I focus my research on cultures of violence and female students in cities.
I also investigate school and community concerns confronting youth and families in economically and racially marginalized neighborhoods within cities. For instance, I research the impact of industrial effluent, deteriorating infrastructure, and the conditions of water and food access on the healthy development of students. My research methods include ethnography and policy analysis.
Research indicates ever more numbers of young women are straining to negotiate their lives at home, in their neighborhoods, and in their schools as those spaces are becoming saturated with violence. This is particularly the case in urban areas of concentrated poverty and racial segregation. What does a girl do when there is no place to get away from this, and even school is a danger zone? She may disengage from learning and this along with the violence itself likely has a negative impact on her future. Why have so many educators turned their attention away from the reality of violence against girls, seeing the issue as already addressed in prior decades? If it is acknowledged, why is there a tendency to categorize it as just another example of the generic, de-contextualized, depoliticized, and watered down concept of 'bullying?' Those who research the effects of economic restructuring on schooling have yet fully to focus on these specific issues. My intent is to put gendered violence in schools back on the table for discussion and immediate action.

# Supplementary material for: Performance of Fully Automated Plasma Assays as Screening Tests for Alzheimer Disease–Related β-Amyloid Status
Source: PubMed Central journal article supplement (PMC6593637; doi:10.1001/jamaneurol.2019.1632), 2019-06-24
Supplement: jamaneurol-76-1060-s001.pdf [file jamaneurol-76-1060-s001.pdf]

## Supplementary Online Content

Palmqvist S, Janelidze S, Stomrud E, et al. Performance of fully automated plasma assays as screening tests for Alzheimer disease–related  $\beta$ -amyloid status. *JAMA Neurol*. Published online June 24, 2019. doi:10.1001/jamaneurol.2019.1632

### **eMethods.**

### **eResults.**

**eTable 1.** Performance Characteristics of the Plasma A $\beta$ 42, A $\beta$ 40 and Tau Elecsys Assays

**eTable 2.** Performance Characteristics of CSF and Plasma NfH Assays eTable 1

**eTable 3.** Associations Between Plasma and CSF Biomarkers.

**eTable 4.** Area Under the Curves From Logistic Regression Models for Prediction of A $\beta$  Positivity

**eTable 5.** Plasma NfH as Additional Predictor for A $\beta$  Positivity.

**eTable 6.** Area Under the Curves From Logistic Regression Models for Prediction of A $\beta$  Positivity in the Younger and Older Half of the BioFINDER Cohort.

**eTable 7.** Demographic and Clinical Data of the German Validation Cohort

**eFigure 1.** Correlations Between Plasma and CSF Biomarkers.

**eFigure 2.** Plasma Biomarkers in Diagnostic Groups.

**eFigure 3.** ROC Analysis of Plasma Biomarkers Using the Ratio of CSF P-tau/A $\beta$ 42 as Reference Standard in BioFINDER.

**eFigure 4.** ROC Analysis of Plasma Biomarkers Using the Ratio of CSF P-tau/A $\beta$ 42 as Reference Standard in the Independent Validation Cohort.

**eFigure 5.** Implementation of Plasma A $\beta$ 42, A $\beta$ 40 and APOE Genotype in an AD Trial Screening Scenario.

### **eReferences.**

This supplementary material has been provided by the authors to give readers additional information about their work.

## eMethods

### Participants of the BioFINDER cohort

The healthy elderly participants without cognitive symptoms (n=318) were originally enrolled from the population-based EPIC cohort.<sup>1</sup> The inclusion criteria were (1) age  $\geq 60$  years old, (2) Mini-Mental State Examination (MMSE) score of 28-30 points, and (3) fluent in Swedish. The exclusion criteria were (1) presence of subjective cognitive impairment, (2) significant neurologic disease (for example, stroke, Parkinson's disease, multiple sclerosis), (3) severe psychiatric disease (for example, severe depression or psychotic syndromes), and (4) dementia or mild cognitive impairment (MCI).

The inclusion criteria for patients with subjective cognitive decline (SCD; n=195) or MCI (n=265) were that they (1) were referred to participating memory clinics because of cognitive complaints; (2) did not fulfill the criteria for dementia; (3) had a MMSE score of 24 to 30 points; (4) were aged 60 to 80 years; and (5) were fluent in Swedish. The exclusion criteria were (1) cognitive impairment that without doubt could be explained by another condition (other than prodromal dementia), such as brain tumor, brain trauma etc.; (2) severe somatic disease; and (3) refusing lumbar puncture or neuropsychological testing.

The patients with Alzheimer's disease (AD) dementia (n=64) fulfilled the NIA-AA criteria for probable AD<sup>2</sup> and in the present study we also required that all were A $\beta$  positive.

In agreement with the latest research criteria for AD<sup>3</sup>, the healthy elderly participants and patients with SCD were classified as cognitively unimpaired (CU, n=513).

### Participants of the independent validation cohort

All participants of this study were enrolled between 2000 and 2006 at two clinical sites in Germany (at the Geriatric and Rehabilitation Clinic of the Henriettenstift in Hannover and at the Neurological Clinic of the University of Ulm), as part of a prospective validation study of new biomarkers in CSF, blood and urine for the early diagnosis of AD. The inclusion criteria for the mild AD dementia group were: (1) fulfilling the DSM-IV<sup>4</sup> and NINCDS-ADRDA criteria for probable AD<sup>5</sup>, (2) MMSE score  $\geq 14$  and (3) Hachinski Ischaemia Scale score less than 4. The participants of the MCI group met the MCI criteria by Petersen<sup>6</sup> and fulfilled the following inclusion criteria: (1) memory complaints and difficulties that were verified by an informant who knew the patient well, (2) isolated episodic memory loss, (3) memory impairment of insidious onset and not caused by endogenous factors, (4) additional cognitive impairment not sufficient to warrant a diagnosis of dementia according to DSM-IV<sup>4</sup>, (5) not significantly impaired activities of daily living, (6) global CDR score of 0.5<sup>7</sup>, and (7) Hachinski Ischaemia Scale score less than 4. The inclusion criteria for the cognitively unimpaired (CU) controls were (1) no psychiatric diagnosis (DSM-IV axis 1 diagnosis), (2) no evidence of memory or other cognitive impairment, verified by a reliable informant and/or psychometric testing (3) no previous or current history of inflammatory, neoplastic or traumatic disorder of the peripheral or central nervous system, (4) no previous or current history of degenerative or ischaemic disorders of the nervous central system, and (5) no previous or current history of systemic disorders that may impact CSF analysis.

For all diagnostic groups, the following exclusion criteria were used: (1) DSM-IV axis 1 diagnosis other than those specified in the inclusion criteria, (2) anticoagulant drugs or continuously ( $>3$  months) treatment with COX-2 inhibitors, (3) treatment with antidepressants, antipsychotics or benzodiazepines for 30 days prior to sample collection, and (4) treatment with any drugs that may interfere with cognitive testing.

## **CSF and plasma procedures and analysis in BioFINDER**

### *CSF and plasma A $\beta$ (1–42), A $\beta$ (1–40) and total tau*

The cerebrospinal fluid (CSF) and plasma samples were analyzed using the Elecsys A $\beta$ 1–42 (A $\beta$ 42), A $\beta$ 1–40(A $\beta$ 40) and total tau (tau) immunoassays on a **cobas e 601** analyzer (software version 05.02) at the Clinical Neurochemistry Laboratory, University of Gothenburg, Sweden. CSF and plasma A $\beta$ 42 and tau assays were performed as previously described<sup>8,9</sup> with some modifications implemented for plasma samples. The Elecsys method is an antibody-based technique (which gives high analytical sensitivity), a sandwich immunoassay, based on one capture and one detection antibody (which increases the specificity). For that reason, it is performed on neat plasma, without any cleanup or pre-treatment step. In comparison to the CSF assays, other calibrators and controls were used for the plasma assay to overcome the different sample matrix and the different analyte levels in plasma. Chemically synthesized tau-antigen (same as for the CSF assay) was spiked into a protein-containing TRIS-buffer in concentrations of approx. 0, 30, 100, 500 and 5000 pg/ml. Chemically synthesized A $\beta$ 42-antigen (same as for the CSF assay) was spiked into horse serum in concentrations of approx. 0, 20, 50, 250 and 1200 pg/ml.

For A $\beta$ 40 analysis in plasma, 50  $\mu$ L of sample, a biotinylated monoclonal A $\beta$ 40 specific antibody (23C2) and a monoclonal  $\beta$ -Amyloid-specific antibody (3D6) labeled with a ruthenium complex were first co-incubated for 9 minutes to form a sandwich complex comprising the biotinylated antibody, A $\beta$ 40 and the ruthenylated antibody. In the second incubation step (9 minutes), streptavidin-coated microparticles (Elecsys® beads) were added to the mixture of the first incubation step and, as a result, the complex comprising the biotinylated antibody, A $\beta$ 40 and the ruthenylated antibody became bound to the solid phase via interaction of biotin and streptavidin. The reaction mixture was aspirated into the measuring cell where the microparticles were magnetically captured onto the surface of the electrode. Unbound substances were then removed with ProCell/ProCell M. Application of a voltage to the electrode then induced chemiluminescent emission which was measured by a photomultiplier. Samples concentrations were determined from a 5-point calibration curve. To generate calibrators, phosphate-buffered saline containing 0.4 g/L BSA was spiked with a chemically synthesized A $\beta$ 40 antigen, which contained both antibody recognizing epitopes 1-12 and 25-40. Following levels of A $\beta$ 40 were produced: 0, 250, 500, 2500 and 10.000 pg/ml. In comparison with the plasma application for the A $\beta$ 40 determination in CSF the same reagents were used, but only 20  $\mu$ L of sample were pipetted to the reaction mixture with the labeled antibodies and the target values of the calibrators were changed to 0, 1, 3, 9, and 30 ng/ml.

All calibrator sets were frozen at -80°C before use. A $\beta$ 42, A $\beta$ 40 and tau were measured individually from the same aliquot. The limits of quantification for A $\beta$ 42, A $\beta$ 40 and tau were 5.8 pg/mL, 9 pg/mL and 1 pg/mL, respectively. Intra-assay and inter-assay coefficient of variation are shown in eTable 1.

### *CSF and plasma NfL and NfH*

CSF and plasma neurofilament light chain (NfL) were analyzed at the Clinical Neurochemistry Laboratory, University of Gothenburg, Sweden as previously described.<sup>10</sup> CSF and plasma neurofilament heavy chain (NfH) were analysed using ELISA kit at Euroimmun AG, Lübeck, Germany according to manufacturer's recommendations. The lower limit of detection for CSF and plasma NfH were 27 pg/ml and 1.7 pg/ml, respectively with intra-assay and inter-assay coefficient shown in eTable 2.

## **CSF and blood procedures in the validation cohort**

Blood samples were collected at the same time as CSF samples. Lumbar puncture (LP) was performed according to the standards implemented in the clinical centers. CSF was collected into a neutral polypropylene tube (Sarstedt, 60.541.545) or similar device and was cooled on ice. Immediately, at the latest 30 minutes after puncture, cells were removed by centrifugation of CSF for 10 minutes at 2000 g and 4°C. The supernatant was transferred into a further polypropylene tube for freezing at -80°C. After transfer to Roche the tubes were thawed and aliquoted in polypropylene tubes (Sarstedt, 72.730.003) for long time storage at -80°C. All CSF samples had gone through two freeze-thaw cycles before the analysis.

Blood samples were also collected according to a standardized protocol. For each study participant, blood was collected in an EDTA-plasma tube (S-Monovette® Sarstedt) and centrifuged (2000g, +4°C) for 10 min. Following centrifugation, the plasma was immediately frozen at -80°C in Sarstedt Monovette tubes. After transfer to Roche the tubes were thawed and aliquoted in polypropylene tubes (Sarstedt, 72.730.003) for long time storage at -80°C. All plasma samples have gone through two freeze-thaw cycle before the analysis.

I involve students in research in as many ways as possible. For instance, I teach and model how to use data gathering strategies and modes of inquiry to design and conduct a large-scale study and analyze findings. We work with students to shape their research around the social problems that interest them, and we believe a multidisciplinary approach leads to the most effective social change. Students have opportunities to assist directly in field work and policy analysis projects. Our coursework is designed to prepare students for the rigors of their own dissertation research and problem-solving beyond their studies.
Dr. Hall is currently working on a cluster of three edited books and a series of journal articles, including: Children's Human Rights and Public Schooling in the United States (Sense Press); Underprivileged Children and the Assault on Dignity: Policy Challenges and Resistance in the Current Political Economy (Routledge); and Urban Girls and Cultures of Violence and Silencing in an Era of Public Repression (Routledge).
Dr. Hall's collection, Children's Human Rights and Public Schooling in the United States was recently awarded an AESA Critics' Book Choice of the year for 2013.